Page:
Microsoft’s earnings are forecast to meet or exceed analyst predictions, but to be lower than the numbers it posted a year ago
Microsoft’s earnings call on 23 July may not be the happiest for investors, as the company continues to battle considerable economic headwinds and increased competition, but it could highlight more than ever the need for its upcoming operating system, Windows 7, to be a considerable hit.
While Microsoft’s earnings are forecast to either meet or exceed several analysts’ predictions, they are also widely expected to be lower than the revenues the company reported a year ago, before the PC market entered a major slump amidst a global recession. Over the course of the quarter, Microsoft’s stock has risen 30 percent.
Earnings for the current quarter have been estimated at 36 cents per share on revenues of $14.37 billion (£8.8bn). In the same quarter in 2008, Microsoft reported income of 47 cents per share on $15.84 billion in revenue—representing a year-to-year drop of 9.3 percent.
“[Microsoft] is likely to report tepid June quarter revenue,” Katherine Egbert, an analyst with Jefferies & Co., wrote in a 21 July research note. Despite that dim forecast, though, she also saw “some green shoots in consumer demand, upcoming 2H seasonality, Win 7 on tap and expense management now part of the culture.”
In April, Microsoft posted its first-ever quarterly revenue decline, with its business units showing mixed results. Its Client division, which includes Windows, saw revenue drop by 16 percent and income by 19 percent year-over-year, driven downward by a decline in worldwide PC shipments. Its Business division dropped about 5 percent in revenue and 8 percent in operating income during the same period.
Microsoft is facing some challenges as it heads into the second half of 2009 and beyond.
Earlier in July, Google announced that it in the second half of 2010 it would release Google Chrome OS, a stripped-down operating system initially intended for mininotebooks, aka netbooks. The media cycle immediately leapt on the story as a possible harbinger of Microsoft’s demise, even as most analysts adopted a more rational wait-and-see attitude.
During his July 14 keynote address at Microsoft’s Worldwide Partner Conference in New Orleans, CEO Steve Ballmer dismissed Chrome OS as “highly interesting” but ultimately unable to meet users’ needs.
“There’s good data that says 50 percent of the time that someone’s on their PC, they’re not doing something with the Web browser,” said Ballmer, implying that Chrome OS, as a browser-based operating system, would lack the combination of full offline and online capability needed by users.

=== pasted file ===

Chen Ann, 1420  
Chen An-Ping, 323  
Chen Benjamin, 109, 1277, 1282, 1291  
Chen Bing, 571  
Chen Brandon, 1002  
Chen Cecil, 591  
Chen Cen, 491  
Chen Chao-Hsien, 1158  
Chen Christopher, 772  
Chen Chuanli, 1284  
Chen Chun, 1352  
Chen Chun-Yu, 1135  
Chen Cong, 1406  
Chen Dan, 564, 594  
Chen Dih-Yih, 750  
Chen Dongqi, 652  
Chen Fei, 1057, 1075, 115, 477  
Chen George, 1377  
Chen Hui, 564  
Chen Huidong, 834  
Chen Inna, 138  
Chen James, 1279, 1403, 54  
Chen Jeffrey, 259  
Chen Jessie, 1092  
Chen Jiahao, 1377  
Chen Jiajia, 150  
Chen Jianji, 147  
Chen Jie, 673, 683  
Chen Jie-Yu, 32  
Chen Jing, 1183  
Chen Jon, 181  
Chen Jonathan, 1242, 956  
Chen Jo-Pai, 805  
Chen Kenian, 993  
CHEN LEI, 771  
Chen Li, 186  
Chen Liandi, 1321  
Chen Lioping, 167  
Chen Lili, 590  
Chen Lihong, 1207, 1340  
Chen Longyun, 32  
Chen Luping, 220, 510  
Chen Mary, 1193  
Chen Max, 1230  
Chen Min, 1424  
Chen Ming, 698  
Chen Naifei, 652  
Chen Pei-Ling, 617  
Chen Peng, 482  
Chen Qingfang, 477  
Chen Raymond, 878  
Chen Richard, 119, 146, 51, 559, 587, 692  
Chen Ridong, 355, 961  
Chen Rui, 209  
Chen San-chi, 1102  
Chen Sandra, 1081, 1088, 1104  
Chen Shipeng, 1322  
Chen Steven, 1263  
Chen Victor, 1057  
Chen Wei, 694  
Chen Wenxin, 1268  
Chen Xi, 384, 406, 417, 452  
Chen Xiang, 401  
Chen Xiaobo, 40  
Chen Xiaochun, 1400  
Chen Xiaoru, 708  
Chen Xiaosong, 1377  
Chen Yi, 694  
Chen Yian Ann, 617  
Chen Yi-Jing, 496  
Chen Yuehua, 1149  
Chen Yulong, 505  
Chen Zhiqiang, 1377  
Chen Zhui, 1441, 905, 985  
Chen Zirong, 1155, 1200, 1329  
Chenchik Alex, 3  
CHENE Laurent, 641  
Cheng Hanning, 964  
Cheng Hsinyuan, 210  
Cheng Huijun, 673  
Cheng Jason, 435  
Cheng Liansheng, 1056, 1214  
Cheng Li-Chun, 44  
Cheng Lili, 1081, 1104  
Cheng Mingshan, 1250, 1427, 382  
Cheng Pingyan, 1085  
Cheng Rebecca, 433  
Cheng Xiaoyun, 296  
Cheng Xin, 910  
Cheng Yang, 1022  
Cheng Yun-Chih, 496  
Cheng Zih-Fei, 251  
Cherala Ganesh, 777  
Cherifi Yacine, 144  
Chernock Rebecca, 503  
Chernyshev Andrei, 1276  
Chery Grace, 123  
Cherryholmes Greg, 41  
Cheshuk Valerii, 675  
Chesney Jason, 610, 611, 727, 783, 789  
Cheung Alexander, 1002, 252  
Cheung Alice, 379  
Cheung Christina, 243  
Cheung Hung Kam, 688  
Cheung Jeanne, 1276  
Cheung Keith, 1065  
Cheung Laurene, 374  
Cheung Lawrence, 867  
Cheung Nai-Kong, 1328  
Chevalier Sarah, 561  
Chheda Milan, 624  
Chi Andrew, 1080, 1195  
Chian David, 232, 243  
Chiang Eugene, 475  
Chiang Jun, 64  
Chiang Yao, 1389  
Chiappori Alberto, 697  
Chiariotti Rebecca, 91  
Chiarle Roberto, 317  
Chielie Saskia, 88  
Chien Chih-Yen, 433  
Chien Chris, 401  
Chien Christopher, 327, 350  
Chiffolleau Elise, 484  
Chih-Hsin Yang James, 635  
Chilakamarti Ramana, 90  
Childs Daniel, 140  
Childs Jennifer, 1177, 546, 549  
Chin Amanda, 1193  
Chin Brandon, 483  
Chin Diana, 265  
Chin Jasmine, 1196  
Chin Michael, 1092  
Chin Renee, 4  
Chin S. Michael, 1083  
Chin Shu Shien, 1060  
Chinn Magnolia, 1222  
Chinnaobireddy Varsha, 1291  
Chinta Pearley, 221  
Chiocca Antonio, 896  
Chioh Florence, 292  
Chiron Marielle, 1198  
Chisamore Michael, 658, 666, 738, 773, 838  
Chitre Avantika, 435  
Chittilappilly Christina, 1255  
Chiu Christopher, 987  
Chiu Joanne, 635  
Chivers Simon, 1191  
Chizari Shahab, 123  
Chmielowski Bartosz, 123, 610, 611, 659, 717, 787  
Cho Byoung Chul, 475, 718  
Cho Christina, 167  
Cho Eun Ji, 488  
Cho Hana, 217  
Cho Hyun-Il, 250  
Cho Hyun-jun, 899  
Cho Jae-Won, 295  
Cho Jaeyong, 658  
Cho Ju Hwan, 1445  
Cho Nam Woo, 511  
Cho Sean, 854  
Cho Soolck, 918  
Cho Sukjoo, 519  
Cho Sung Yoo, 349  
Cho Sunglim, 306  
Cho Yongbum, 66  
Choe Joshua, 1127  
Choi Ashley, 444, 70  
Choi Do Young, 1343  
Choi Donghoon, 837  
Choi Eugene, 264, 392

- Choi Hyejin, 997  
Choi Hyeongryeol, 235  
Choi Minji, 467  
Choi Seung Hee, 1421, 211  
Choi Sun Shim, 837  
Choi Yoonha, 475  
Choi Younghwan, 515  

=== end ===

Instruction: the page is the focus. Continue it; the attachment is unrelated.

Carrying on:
However, the emergence of Chrome OS highlights a larger paradigm shift that is also forcing Microsoft to adjust. In a radical change from its traditional focus on desktop-centred applications, Microsoft plans to offer its Office 2010 productivity suite as a free online service for subscribers of Microsoft Live. The online versions of Microsoft Word, Excel OneNote and PowerPoint will lack the features available in the full versions, but the cloud-based version will still allow Microsoft to compete in that particular arena against Google Apps.
Perhaps most vital to Microsoft’s financial health for the rest of 2009 and into 2010, though, is the launch of Windows 7, due to roll out on 22 Oct. Microsoft no doubt hopes that it will reverse the negative feelings associated with Windows Vista.
Ballmer is betting that, despite the recession, there will be need among both the enterprise and consumers for a tech refresh.
“Even if you take the assumption that [the economy] won’t turn around for a long period of time, every minute of every day we’re building a pent-up demand for IT,” Ballmer said during a Q&A session following his WPC keynote.
A hint of a dark cloud on the horizon, however, may have come with a recent survey by ScriptLogic, which suggested that six out of 10 companies would avoid purchasing Windows 7 at the time of its debut, citing concerns over cost and interoperability. About 34 percent of the 1,000 companies surveyed said they would be on board with the operating system by December 2010.
Microsoft, however, wants Windows 7 disseminated rapidly worldwide, and plans an aggressive campaign targeting consumers and the enterprise with massive price cuts and promotional offers. Roughly a third of the company’s revenue comes from its operating systems.